In September 2008, then Governor David A. Paterson signed legislation adding a new section to the Environmental Conservation Law (ECL 27-2405) requiring property owners or owners' agents (such as management companies) to notify tenants of any test results related to indoor air contamination associated with soil vapor intrusion (SVI) that they receive. A caveat: owners only have to disclose those test results received by them from certain parties ("issuers") who are mostly private owners, including municipalities, which were required to generate the test data under a consent order or similar administrative order. The law took effect in December 2008.
As most folks in the commercial real estate industry know, the Bona Fide Prospective Purchaser exemption from liability under the federal Superfund law is a very useful tool. Accordingly, a Phase I Environmental Site Assessment is standard practice for nearly every purchase of commercial real estate because it helps to satisfy EPA's "All Appropriate Inquiries" requirement for obtaining BFPP status and avoiding the often harsh liability associated with Superfund.
The health threats posed by physical contact with contaminated soil or groundwater are well known. But increasingly, state and federal regulators are recognizing that harmful vapors from such contamination can be drawn into nearby buildings and pose a threat to the occupants. Known as soil vapor intrusion, this threat can come from undiscovered contamination beneath a building, or even from the remnants of previously remediated soil or groundwater.
We continue with our recent discussion of the Aiken v. General Electric Co. case, No. 505023, __N.Y.S.2d__ (3d Dep't Dec. 4, 2008), discussed in a recent post. There is not much precedent for the Aiken case, as SVI issues are relatively new to the environmental law landscape and have not been litigated much yet.
An intermediate state appeals court, the Appellate Division of State Supreme Court, Third Department (upstate) recently allowed a suit to go forward against GE for injury caused by soil vapor intrusion (SVI) where the contamination that was the source of the SVI was discovered 25 years ago.
So, who is responsible for mitigating this soil vapor intrusion? The New York State Department of Environmental Conservation (DEC) describes the conditions under which the state will conduct the vapor intrusion evaluations and the order in which the sites will be assessed. If exposures represent a concern due to indoor sources, then the state will provide guidance to the property owner and/or tenant on ways to reduce their exposure. If exposures represent a concern due to outdoor sources, then DEC will decide who is responsible for further investigation and any necessary remediation. Depending upon the outdoor source, this responsibility may or may not fall upon the party conducting the soil vapor intrusion investigation.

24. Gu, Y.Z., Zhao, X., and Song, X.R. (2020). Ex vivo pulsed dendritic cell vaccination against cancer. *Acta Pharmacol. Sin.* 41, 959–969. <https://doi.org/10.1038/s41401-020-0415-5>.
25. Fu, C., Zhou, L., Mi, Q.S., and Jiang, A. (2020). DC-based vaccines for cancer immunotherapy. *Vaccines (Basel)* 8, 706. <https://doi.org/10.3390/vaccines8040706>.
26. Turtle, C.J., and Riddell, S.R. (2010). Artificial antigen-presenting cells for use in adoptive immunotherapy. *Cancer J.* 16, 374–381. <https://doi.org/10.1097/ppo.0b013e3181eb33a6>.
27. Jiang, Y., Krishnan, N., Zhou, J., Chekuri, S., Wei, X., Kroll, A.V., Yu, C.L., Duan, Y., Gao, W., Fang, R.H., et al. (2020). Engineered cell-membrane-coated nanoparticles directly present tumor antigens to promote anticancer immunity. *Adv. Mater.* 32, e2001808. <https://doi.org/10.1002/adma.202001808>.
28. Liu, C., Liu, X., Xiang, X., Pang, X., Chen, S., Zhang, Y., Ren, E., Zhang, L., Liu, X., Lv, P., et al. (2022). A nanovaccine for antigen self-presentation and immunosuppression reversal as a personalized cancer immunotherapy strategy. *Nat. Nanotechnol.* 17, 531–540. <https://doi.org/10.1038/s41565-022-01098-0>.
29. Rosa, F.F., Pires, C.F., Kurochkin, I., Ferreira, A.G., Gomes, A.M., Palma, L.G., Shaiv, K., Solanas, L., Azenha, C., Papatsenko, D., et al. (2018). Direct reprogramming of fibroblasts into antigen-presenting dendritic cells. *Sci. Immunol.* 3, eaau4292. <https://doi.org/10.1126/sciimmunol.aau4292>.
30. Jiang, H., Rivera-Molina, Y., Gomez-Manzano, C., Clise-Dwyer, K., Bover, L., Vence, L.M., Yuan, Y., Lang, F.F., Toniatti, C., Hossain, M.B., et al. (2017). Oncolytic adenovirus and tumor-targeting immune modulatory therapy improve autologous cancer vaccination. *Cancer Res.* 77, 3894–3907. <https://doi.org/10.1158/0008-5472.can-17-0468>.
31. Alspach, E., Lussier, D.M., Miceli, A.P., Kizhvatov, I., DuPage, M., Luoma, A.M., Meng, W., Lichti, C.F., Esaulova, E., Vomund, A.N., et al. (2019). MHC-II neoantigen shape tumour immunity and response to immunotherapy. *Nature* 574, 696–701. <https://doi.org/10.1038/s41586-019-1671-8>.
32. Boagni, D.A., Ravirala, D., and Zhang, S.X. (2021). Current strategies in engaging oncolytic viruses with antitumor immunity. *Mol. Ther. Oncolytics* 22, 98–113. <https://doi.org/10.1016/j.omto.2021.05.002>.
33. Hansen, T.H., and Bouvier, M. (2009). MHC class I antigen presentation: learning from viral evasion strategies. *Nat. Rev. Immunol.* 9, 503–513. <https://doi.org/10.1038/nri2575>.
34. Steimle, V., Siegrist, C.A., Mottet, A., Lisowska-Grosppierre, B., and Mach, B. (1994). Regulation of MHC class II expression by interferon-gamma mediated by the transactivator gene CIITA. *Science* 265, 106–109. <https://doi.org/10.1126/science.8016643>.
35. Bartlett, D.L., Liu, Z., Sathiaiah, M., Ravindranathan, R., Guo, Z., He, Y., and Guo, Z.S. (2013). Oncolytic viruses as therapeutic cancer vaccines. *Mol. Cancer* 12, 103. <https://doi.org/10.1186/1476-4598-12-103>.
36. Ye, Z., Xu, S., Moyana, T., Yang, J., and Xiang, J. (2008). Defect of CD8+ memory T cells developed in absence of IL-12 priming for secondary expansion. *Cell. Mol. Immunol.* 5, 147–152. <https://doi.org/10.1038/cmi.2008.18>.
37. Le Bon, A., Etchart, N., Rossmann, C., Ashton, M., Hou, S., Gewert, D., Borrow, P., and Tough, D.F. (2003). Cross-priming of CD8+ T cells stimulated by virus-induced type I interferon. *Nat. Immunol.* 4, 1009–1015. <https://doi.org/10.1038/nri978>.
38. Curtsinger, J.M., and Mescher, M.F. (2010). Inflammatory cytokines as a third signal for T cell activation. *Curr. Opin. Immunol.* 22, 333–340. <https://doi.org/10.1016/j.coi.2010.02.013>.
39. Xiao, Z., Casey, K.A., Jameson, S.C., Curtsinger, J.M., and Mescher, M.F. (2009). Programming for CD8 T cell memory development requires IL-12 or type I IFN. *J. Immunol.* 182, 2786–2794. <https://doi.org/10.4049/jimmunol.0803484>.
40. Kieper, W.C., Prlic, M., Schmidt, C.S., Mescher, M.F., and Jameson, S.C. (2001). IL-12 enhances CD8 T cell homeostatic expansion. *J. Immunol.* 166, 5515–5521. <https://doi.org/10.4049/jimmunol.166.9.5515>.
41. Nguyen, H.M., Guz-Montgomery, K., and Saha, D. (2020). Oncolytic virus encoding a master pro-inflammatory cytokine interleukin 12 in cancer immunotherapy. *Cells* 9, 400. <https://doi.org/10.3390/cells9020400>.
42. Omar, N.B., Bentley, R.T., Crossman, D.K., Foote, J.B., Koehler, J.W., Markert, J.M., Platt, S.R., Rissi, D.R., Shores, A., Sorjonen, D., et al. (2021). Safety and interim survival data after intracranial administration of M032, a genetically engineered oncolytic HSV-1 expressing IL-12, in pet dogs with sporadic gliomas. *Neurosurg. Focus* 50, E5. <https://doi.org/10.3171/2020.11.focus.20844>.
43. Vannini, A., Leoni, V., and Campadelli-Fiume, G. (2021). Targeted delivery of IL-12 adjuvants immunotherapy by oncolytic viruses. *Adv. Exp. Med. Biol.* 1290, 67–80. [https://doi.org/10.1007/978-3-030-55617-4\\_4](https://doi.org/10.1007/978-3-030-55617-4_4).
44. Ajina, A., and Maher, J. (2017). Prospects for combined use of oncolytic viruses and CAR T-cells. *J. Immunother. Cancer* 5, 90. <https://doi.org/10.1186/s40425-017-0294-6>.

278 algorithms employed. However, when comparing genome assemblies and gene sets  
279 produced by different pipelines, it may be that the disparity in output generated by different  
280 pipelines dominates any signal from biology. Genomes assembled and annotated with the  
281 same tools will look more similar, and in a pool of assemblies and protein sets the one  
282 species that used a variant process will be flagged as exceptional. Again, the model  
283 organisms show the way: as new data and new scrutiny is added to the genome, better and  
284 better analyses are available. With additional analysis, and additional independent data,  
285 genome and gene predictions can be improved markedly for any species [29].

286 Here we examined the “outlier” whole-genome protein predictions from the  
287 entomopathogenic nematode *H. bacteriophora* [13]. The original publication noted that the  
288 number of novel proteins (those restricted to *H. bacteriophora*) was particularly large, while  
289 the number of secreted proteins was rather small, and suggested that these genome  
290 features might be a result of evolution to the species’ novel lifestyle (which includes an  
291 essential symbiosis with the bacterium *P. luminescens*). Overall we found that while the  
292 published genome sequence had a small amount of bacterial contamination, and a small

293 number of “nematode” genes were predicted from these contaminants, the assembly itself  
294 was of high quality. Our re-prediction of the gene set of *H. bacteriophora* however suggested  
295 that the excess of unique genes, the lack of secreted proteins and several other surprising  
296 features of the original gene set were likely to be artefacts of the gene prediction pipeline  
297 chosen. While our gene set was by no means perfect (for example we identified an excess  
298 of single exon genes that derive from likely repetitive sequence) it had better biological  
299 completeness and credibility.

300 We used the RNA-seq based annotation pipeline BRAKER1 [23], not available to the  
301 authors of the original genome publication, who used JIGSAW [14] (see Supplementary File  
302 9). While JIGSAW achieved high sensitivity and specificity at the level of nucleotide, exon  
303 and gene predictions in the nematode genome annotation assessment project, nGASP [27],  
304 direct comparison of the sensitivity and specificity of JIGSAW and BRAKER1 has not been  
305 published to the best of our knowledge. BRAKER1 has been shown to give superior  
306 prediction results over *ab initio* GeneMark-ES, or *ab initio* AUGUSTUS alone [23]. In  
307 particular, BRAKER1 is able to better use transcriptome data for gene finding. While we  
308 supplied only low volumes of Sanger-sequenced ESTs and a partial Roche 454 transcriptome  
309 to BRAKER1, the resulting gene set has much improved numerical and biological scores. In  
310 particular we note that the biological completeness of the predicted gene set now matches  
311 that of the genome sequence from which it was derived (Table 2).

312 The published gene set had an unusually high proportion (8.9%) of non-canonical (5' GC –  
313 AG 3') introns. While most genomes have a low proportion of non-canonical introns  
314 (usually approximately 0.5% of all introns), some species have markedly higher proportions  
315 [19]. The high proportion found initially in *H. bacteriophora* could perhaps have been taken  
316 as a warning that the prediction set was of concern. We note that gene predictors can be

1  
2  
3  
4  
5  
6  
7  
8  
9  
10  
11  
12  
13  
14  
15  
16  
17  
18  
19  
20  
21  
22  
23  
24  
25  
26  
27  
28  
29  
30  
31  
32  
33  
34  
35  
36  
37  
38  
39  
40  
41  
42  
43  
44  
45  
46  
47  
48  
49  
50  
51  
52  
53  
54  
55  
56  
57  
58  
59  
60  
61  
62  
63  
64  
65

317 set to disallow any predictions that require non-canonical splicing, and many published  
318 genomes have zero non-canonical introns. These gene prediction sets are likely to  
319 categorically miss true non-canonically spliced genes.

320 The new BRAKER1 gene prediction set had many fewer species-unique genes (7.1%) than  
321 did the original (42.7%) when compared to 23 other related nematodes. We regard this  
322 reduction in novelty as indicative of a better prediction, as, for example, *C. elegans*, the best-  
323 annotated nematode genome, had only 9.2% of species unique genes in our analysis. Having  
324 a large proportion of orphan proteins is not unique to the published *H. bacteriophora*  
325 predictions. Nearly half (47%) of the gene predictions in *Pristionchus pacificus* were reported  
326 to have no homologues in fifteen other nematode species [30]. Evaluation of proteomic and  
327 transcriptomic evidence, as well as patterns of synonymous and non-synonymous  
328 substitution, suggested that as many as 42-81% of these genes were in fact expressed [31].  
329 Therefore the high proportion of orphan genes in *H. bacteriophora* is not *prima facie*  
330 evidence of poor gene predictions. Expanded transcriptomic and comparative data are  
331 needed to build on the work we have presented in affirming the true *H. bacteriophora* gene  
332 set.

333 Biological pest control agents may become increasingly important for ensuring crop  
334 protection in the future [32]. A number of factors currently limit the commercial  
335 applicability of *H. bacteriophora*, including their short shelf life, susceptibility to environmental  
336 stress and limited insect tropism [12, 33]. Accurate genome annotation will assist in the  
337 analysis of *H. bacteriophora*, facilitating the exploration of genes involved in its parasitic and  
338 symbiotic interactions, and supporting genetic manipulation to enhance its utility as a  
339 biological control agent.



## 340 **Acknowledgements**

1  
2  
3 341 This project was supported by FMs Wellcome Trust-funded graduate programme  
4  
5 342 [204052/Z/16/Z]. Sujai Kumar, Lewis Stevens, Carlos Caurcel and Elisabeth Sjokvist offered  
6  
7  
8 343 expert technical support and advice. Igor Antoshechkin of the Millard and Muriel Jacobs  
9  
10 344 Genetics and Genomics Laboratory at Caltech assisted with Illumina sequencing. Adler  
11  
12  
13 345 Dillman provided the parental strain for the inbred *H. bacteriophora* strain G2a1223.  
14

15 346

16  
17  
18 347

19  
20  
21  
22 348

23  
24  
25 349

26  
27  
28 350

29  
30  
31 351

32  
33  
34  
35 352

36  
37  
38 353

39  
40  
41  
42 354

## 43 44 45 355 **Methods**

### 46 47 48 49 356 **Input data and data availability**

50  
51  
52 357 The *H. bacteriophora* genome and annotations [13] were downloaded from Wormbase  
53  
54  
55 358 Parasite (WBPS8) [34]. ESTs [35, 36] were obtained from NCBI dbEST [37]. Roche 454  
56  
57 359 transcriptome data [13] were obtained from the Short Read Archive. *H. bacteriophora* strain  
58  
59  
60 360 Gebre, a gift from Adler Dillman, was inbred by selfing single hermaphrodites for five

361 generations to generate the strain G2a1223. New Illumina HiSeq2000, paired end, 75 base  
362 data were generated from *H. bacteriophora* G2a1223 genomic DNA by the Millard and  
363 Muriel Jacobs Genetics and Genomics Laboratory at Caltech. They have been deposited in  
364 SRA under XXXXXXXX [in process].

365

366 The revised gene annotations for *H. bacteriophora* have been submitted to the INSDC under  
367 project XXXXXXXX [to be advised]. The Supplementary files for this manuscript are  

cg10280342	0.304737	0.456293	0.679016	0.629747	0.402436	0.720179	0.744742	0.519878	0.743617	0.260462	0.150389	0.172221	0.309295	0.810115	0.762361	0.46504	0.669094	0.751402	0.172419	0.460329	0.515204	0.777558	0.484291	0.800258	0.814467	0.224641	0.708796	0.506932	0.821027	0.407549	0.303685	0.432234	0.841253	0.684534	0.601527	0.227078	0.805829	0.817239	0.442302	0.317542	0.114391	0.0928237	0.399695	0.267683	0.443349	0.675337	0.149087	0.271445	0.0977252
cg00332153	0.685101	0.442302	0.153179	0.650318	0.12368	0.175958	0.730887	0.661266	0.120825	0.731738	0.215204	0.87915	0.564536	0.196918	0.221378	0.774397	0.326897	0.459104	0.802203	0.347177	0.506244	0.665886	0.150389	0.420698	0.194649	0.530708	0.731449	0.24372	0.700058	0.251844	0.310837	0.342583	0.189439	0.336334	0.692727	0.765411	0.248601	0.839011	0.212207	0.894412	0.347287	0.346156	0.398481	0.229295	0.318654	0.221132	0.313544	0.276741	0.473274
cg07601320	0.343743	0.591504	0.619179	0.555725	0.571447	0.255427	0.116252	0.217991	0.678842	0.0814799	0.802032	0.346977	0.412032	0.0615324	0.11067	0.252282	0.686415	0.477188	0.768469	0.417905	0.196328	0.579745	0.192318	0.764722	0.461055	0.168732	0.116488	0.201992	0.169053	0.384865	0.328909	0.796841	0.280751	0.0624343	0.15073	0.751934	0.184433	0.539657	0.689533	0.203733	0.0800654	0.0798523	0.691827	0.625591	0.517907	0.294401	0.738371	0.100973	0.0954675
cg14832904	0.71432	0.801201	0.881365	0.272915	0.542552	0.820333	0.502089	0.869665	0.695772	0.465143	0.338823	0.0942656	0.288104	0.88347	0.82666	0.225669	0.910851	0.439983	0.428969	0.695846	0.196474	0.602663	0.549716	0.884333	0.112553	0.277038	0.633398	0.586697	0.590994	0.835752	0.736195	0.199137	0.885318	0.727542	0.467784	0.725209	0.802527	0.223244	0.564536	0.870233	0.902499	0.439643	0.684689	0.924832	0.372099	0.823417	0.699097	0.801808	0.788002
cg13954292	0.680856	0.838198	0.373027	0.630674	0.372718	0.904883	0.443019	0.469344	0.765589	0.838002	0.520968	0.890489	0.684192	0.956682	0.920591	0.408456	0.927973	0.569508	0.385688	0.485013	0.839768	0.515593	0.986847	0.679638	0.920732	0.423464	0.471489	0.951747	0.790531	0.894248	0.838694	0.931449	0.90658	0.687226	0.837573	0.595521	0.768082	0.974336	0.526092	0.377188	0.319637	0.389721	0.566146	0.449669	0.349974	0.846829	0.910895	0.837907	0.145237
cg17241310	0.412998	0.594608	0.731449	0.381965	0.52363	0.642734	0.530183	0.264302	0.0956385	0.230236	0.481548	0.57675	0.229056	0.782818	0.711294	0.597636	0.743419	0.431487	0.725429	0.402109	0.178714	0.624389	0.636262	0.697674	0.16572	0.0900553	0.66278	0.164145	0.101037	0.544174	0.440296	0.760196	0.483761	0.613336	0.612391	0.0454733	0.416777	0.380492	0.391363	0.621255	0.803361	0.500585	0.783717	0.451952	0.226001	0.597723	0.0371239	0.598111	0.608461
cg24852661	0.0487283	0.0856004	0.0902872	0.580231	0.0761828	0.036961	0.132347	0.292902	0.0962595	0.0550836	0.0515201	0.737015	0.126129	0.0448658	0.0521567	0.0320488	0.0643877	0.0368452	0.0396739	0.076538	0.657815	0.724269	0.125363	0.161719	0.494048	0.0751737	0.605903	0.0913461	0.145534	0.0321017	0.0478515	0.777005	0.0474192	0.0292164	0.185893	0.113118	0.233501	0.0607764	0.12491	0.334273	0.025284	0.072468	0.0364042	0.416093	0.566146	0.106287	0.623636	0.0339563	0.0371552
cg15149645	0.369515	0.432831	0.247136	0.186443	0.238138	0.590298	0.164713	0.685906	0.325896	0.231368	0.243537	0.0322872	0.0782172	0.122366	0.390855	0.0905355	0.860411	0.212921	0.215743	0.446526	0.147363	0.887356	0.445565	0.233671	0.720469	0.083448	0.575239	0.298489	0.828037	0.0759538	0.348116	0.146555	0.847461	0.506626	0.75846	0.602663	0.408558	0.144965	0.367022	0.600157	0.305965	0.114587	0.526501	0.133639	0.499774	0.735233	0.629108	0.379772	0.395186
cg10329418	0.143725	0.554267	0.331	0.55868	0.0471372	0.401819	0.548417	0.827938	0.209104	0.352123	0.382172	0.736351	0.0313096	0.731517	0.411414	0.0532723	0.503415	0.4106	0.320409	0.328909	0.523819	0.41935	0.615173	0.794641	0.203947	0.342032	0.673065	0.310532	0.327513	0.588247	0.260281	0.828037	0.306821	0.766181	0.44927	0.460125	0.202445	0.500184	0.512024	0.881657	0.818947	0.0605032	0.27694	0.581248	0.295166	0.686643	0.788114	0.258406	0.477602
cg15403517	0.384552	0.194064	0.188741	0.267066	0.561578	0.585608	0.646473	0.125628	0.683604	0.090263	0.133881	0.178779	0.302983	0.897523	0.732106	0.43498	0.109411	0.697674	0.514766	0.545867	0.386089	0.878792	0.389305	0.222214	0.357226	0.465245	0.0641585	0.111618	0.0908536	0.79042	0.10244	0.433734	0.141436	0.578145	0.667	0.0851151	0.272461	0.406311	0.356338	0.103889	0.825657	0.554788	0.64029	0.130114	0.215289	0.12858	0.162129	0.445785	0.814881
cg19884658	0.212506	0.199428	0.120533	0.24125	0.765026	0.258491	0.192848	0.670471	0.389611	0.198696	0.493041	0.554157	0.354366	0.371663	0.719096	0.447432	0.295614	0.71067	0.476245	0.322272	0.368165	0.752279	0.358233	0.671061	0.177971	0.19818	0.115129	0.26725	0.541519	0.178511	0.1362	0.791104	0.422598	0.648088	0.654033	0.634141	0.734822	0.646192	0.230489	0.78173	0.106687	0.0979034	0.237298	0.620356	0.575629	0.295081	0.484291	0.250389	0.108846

Today we continue our discussion on soil vapor intrusion. Some states like New York have developed detailed vapor intrusion guidance of their own. New York's guidance explicitly raises concerns about reliance on modeling and exterior soil vapor screening and encourages indoor and sub-slab sampling where there is a reason to believe that vapor intrusion may occur. A joint strategy between the New York State Department of Environmental Conservation (DEC) and the New York State Department of Health (DOH) has recently been developed to evaluate vapor intrusion pathways at all of the remedial sites in New York. The goal of the policy and guidance documents is to conduct soil vapor intrusion evaluations as efficiently and effectively as possible at all such sites. DEC's strategy is entitled "Evaluating the Potential for Soil Vapor Intrusion at Past, Present, and Future Sites."
If worker right-to-know laws are intended to require employers to inform their employees of the specific hazards based on specific chemicals to which their employees are exposed in the workplace, soil gas vapor regulation is intended to fill a significant gap, namely the wide range of pollutants that employers typically cannot know about and protect employees from. Soil gas vapor regulation is designed to set forth remedial steps that are required to be taken by property owners (who may or may not be the office building employers) in the face of uncontrollable and sometimes unknown sources of contamination in groundwater and soil beneath the building.